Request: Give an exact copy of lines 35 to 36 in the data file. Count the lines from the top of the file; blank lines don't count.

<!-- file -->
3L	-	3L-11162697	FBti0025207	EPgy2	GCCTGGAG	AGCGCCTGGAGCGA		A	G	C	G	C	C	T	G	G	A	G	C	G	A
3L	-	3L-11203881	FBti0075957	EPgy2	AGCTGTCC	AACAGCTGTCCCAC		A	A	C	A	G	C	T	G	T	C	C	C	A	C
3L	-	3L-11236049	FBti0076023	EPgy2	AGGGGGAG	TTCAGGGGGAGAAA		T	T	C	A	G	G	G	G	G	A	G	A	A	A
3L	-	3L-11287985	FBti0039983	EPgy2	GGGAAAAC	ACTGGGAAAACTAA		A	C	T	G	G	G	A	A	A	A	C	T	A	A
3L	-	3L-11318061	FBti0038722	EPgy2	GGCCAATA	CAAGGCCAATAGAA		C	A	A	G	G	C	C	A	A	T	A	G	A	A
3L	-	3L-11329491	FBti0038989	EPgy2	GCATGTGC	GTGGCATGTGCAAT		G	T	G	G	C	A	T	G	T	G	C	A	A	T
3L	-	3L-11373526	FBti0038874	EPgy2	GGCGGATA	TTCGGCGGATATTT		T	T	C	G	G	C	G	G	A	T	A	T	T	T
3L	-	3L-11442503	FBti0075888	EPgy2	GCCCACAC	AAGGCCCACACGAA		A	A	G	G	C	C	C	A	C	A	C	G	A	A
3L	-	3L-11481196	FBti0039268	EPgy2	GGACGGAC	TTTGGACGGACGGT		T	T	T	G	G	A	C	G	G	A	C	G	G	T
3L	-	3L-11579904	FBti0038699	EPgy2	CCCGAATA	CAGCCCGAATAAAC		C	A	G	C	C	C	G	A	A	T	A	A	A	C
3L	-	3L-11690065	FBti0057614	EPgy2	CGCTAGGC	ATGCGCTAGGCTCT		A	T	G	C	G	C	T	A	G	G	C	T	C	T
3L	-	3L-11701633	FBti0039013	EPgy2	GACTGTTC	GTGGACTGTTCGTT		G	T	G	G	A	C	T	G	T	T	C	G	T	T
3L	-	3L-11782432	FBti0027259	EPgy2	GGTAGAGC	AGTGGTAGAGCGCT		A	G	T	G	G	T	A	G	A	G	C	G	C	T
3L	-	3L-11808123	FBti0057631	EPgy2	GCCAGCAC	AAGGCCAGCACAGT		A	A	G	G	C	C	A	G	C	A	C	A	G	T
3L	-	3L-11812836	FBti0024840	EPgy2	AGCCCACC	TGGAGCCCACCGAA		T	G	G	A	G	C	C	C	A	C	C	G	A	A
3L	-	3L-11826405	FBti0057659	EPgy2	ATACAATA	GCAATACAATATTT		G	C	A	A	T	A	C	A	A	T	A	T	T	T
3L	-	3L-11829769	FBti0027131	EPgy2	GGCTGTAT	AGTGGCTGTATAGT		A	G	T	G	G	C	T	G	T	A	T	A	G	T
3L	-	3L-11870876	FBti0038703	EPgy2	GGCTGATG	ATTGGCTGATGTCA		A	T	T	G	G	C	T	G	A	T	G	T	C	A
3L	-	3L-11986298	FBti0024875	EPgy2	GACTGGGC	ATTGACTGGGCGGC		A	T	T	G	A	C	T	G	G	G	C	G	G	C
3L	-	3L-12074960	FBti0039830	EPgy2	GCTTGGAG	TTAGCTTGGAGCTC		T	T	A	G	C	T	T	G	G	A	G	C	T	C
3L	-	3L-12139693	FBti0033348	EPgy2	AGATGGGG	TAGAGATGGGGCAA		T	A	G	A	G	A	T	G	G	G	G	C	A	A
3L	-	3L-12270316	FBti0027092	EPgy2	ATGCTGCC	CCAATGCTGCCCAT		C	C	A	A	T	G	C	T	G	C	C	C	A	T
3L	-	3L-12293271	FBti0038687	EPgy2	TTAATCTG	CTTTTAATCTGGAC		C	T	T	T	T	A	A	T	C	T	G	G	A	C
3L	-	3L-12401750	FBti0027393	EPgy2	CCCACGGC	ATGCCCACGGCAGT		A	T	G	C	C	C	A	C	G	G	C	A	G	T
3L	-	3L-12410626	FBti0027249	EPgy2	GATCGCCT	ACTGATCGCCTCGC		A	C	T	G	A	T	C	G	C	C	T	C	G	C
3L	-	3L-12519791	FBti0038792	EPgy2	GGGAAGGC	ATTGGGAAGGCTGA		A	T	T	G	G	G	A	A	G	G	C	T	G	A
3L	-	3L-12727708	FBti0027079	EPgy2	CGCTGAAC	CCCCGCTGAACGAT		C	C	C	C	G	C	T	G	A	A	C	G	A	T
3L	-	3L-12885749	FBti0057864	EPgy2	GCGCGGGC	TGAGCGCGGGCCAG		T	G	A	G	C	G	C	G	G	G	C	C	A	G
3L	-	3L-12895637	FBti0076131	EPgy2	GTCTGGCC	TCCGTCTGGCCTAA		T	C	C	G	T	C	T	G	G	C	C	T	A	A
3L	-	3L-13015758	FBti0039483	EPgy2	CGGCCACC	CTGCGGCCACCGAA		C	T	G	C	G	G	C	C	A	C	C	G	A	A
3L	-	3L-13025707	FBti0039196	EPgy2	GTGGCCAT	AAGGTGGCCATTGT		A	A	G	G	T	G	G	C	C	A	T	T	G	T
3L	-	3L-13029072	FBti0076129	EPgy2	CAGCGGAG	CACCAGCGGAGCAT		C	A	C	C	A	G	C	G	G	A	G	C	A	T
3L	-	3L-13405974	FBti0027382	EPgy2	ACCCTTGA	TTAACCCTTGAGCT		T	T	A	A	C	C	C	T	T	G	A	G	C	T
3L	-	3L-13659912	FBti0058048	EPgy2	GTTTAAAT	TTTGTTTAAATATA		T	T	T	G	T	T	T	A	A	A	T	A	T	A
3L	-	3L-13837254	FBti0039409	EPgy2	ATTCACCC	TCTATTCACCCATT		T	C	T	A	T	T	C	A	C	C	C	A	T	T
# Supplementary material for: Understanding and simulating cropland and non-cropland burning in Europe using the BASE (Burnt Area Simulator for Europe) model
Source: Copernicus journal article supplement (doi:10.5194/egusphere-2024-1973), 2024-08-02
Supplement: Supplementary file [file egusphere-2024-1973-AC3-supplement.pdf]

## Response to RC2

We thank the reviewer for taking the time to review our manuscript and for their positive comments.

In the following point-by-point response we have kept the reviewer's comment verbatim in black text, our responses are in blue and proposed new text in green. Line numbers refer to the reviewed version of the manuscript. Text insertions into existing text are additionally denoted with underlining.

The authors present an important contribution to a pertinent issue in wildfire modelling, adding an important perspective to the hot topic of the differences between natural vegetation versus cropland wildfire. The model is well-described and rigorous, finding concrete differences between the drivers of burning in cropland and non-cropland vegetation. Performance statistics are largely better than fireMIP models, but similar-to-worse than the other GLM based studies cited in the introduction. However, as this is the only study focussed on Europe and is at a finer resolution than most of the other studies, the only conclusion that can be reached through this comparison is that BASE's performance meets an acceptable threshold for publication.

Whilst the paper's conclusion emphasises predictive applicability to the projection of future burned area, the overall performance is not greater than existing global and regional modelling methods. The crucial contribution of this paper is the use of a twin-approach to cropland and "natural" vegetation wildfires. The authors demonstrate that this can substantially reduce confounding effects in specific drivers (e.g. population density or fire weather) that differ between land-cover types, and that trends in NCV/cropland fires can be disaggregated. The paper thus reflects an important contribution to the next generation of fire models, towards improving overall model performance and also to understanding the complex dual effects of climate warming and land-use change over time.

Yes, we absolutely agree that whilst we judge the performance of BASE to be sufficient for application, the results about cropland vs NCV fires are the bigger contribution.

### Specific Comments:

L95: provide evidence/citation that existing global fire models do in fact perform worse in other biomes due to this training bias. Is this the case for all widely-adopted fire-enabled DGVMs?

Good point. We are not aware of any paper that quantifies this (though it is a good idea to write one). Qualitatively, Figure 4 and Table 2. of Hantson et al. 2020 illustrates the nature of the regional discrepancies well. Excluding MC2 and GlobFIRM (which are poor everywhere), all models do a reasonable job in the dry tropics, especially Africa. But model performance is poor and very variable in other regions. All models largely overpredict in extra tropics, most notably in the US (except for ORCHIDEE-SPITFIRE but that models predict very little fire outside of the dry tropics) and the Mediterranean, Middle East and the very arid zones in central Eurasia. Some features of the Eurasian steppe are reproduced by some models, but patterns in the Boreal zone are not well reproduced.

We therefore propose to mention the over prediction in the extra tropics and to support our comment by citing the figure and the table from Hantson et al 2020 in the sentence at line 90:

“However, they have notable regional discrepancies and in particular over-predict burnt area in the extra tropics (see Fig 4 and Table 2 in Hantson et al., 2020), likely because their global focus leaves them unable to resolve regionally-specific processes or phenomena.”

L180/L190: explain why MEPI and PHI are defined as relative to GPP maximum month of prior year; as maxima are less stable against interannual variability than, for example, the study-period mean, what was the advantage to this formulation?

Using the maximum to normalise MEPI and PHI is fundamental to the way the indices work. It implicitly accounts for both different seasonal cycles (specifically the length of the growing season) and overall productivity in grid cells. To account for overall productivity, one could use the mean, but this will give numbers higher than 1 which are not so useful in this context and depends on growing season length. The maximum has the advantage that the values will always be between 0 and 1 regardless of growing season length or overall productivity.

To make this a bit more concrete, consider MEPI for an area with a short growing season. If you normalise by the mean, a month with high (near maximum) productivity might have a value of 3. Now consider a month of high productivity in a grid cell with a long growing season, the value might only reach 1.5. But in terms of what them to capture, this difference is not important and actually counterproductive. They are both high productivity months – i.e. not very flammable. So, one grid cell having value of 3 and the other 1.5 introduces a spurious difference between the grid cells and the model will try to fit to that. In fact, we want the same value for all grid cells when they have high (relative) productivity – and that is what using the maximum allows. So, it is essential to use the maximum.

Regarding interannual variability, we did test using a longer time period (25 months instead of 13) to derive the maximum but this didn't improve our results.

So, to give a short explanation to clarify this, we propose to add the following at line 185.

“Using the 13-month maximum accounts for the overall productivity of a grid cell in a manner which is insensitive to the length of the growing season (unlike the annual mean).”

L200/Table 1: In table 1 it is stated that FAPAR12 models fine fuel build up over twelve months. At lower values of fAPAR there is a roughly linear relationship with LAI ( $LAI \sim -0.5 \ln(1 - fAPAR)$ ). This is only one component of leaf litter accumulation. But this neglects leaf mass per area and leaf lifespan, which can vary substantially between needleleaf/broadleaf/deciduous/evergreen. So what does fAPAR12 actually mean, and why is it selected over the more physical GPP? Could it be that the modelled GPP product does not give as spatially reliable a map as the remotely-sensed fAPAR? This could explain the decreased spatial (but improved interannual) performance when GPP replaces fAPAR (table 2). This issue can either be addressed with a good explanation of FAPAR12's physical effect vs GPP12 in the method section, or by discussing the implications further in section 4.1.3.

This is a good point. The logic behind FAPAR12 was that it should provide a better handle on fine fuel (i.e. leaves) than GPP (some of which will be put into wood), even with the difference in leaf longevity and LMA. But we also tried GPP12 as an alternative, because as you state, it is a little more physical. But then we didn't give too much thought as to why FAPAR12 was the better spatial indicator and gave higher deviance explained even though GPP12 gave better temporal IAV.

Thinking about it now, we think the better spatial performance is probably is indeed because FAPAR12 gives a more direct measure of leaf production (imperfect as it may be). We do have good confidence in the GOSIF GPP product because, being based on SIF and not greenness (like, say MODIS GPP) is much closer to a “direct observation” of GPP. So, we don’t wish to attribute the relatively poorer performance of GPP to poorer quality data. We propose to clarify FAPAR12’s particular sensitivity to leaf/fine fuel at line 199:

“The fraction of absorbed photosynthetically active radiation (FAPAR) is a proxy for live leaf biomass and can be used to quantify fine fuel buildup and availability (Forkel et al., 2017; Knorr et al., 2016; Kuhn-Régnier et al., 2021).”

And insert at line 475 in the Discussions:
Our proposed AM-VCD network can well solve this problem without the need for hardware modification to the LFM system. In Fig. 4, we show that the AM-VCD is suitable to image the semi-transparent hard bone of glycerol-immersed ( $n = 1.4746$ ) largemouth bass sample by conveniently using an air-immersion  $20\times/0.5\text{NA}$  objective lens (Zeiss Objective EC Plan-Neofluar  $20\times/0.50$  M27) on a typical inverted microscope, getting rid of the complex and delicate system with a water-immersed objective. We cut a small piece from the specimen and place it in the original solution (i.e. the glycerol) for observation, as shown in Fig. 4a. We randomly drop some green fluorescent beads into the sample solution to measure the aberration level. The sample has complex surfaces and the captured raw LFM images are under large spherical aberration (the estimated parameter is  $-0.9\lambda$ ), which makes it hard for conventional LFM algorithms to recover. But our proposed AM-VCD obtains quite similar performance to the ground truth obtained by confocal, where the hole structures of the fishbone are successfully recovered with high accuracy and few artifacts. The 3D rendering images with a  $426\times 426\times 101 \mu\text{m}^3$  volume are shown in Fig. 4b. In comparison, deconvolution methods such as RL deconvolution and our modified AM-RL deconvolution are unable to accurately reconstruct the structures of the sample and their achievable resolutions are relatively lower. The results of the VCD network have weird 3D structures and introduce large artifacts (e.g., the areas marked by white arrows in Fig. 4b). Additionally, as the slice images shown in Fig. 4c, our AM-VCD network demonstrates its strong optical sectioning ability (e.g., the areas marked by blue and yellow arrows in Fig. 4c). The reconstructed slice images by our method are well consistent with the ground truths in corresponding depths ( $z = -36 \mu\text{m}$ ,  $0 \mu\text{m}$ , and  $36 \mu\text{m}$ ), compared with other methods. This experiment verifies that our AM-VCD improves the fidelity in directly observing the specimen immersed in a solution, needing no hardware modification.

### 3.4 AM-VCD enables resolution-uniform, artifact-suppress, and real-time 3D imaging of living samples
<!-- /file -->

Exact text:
3L	-	3L-13837254	FBti0039409	EPgy2	ATTCACCC	TCTATTCACCCATT		T	C	T	A	T	T	C	A	C	C	C	A	T	T
# Supplementary material for: Understanding and simulating cropland and non-cropland burning in Europe using the BASE (Burnt Area Simulator for Europe) model